We arrived in Australia at what is called the "mid-coast" and made our landfall at Coffs Harbor, a small fishing and recreational harbor on the central coast of Australia. Coffs Harbor is about 200 miles north of Sydney, which is our ultimate destination for the next couple of months.
Maybe you already knew this, but let me say it anyway: Australia is a big place. As Bill Bryson puts it in his book "A Sunburned Country", it's not only big, it's also the biggest place on earth that almost nobody from anywhere else knows much of anything about. He contends it's just too far away from the rest of the world to be on anyone's radar. We certainly admit to not knowing much about Australia - and still barely do. It seems there is a lot to "discover" here.
Relative to its size, think about it this way (and since we're "down-under", stand on your head and prepare to think about it upside down). The very top of Australia (roughly the Great Barrier Reef) is about the same latitude as Guatemala and the very bottom of Australia (Tasmania) is about the same latitude as the Oregon/California border. That's a whole lotta coastline - and that's just the east coast.
Where we have made landfall is about the southern hemisphere equivalent of Ensenada, Mexico. Where we plan to leave the boat for the holidays in Sydney, about 200 miles south of here, is roughly San Diego. Yes, Ensenada is south of San Diego and Sydney is south of Coffs Harbor, but remember: we're now in upside-down-world. Climate-wise, going south here is like going north back home.
Coffs Harbor has a reputation among fellow cruisers for being an efficient and friendly harbor to accomplish the customs check-in process. True to its reputation, everything went quite smoothly for us as well - except for the cost.
Bear with me on that last detail.
Upon departure from New Caledonia and for several days before arriving, we were fairly certain our arrival in Australia would be early on Friday, which would be perfect for checking in and avoiding any extra charges for a weekend arrival.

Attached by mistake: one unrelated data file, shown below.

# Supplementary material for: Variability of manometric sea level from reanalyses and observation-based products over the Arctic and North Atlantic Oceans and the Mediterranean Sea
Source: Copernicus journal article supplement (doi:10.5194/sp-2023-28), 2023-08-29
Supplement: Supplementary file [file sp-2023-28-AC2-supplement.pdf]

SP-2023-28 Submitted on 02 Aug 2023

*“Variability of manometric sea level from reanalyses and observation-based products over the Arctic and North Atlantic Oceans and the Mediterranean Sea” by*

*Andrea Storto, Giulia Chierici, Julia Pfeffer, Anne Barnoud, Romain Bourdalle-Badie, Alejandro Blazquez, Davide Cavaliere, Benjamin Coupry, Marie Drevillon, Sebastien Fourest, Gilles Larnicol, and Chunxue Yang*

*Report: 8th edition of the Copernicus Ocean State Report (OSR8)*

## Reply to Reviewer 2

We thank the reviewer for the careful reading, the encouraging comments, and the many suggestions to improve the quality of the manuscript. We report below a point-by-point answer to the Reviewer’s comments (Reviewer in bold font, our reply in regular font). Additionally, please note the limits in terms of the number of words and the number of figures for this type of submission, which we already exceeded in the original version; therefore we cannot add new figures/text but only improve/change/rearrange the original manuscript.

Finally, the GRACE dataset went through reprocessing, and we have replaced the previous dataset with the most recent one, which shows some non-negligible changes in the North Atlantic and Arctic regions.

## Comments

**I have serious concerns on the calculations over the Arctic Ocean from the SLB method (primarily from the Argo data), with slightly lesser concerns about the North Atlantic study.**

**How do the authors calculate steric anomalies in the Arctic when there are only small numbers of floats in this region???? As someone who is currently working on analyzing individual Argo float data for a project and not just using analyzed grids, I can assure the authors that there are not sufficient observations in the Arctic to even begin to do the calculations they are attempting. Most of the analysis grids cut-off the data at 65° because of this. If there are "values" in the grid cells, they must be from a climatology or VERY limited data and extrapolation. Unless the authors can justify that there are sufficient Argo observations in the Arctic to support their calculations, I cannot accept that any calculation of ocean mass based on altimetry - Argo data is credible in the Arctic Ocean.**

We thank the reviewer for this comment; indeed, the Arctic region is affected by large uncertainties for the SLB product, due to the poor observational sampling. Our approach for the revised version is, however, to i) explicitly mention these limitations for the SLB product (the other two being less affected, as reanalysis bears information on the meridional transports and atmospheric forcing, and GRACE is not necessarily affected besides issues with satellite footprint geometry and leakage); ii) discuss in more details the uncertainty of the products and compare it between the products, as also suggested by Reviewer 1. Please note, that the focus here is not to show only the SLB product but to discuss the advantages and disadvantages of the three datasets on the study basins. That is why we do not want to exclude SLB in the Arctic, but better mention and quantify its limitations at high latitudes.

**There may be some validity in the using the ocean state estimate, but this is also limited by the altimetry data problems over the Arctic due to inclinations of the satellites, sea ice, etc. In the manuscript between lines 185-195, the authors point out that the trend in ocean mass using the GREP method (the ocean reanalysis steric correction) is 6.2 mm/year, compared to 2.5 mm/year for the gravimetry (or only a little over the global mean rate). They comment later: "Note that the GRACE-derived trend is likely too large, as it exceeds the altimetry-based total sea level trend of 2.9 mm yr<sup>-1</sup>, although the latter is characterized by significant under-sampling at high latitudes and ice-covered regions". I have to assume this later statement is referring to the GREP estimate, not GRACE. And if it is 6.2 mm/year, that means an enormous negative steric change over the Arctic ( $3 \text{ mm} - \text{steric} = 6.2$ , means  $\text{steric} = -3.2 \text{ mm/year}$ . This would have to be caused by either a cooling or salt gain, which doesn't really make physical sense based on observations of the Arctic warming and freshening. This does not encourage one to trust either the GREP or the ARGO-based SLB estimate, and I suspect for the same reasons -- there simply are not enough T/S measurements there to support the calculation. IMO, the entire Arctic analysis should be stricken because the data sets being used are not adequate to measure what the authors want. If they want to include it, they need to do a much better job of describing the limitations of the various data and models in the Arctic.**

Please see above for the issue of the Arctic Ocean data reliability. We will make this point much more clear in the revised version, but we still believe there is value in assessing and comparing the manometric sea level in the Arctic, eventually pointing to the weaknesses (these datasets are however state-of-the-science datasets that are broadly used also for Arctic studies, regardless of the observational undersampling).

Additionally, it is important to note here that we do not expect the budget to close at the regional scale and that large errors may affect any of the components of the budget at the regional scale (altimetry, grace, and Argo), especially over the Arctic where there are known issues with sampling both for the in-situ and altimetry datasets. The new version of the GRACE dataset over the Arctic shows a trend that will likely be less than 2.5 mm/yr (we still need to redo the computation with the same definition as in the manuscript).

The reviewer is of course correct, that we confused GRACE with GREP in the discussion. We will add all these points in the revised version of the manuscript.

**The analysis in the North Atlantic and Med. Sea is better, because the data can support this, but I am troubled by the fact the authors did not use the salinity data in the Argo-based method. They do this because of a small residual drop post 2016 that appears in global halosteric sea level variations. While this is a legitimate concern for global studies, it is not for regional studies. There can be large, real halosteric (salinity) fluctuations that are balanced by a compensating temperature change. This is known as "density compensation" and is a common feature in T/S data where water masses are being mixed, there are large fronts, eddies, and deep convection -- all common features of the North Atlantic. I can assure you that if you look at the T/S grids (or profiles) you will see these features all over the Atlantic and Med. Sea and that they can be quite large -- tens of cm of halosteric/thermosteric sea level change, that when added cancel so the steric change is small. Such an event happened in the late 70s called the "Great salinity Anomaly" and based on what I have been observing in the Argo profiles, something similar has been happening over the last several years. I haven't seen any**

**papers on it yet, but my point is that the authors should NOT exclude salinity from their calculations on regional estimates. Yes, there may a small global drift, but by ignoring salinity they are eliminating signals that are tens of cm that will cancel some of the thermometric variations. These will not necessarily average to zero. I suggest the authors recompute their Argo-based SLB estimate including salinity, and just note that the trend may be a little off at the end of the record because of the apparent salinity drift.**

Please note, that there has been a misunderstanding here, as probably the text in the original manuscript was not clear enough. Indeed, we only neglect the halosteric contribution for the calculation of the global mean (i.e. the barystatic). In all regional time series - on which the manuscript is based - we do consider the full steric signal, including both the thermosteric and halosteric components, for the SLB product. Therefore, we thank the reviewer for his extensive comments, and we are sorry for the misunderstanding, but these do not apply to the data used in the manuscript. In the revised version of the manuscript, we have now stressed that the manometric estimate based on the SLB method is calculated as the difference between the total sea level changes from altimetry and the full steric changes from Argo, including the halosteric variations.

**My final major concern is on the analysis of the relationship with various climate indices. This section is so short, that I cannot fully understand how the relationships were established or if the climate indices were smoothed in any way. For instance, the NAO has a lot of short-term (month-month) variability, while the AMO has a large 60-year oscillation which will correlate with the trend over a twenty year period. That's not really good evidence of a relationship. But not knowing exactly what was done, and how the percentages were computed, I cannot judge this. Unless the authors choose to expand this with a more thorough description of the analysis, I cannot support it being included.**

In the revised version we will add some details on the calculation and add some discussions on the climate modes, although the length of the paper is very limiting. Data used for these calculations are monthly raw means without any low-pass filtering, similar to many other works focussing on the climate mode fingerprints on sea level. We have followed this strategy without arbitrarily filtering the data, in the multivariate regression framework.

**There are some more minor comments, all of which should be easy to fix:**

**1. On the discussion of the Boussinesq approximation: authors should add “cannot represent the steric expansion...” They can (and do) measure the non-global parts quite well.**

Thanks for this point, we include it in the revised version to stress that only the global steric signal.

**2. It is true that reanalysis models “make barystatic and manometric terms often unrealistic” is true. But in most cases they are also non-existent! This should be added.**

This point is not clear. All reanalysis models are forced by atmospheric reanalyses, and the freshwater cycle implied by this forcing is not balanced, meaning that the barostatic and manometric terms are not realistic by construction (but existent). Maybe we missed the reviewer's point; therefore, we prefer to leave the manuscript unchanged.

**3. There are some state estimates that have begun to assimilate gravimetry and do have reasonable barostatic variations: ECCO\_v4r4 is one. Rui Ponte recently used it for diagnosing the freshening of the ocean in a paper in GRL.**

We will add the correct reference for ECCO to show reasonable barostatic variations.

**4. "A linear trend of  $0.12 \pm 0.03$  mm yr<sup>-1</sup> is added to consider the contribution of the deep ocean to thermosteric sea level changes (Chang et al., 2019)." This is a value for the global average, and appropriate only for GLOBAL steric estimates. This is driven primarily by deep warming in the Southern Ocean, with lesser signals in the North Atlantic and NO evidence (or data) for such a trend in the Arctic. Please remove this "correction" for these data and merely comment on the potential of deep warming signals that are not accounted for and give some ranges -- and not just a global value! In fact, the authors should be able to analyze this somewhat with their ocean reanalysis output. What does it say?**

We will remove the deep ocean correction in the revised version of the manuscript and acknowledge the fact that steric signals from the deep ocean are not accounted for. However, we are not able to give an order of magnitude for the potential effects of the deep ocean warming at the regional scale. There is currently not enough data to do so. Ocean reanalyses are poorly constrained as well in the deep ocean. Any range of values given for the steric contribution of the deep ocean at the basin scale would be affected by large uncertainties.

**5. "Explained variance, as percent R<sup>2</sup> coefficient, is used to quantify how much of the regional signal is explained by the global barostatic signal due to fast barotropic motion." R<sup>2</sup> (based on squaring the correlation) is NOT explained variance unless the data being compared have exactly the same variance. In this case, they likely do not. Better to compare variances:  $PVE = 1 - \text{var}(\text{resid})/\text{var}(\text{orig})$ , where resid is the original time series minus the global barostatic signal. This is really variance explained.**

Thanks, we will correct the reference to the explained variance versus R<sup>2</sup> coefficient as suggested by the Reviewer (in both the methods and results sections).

Can see where this is going?
And it was all going as planned... until we ran into a serious one to two knot on-the-nose current on Wednesday and Thursday, slowing our forward progress tremendously. The difference between sailing at 8 or 9 knots and sailing at 5 or 6 knots is a big deal in terms of how much ocean a boat can cover in 24 hours. The capper was running into an electrical storm around 'O Dark Thirty - about two hours before sunrise - on Friday morning, which we talked about in our previous post.
All the dodging we did to avoid getting struck by lightning cost us several hours of forward progress (we actually turned around and sailed the other way at one point) in addition to the general slowdown from the head-on current we had to wrestle with. Instead of arriving on Friday AM, we arrived late Friday afternoon, just as Customs was closing for the weekend. Yuck.
The result? True to what we were told by others, this was a great place to check-in. Regardless of the whole weekend thing, Customs officials were ready for us bright and early on Saturday AM and the check-in went quick and smooth. But because it was Saturday, the cost of processing us went from $330 to $668. Yikes!
Don't misunderstand: none of the costs, additional or otherwise went to pay the two guys that inspected us and completed all the paperwork. That was all free, weekend or not. The costs were all about the disposal of our "biosecurity items".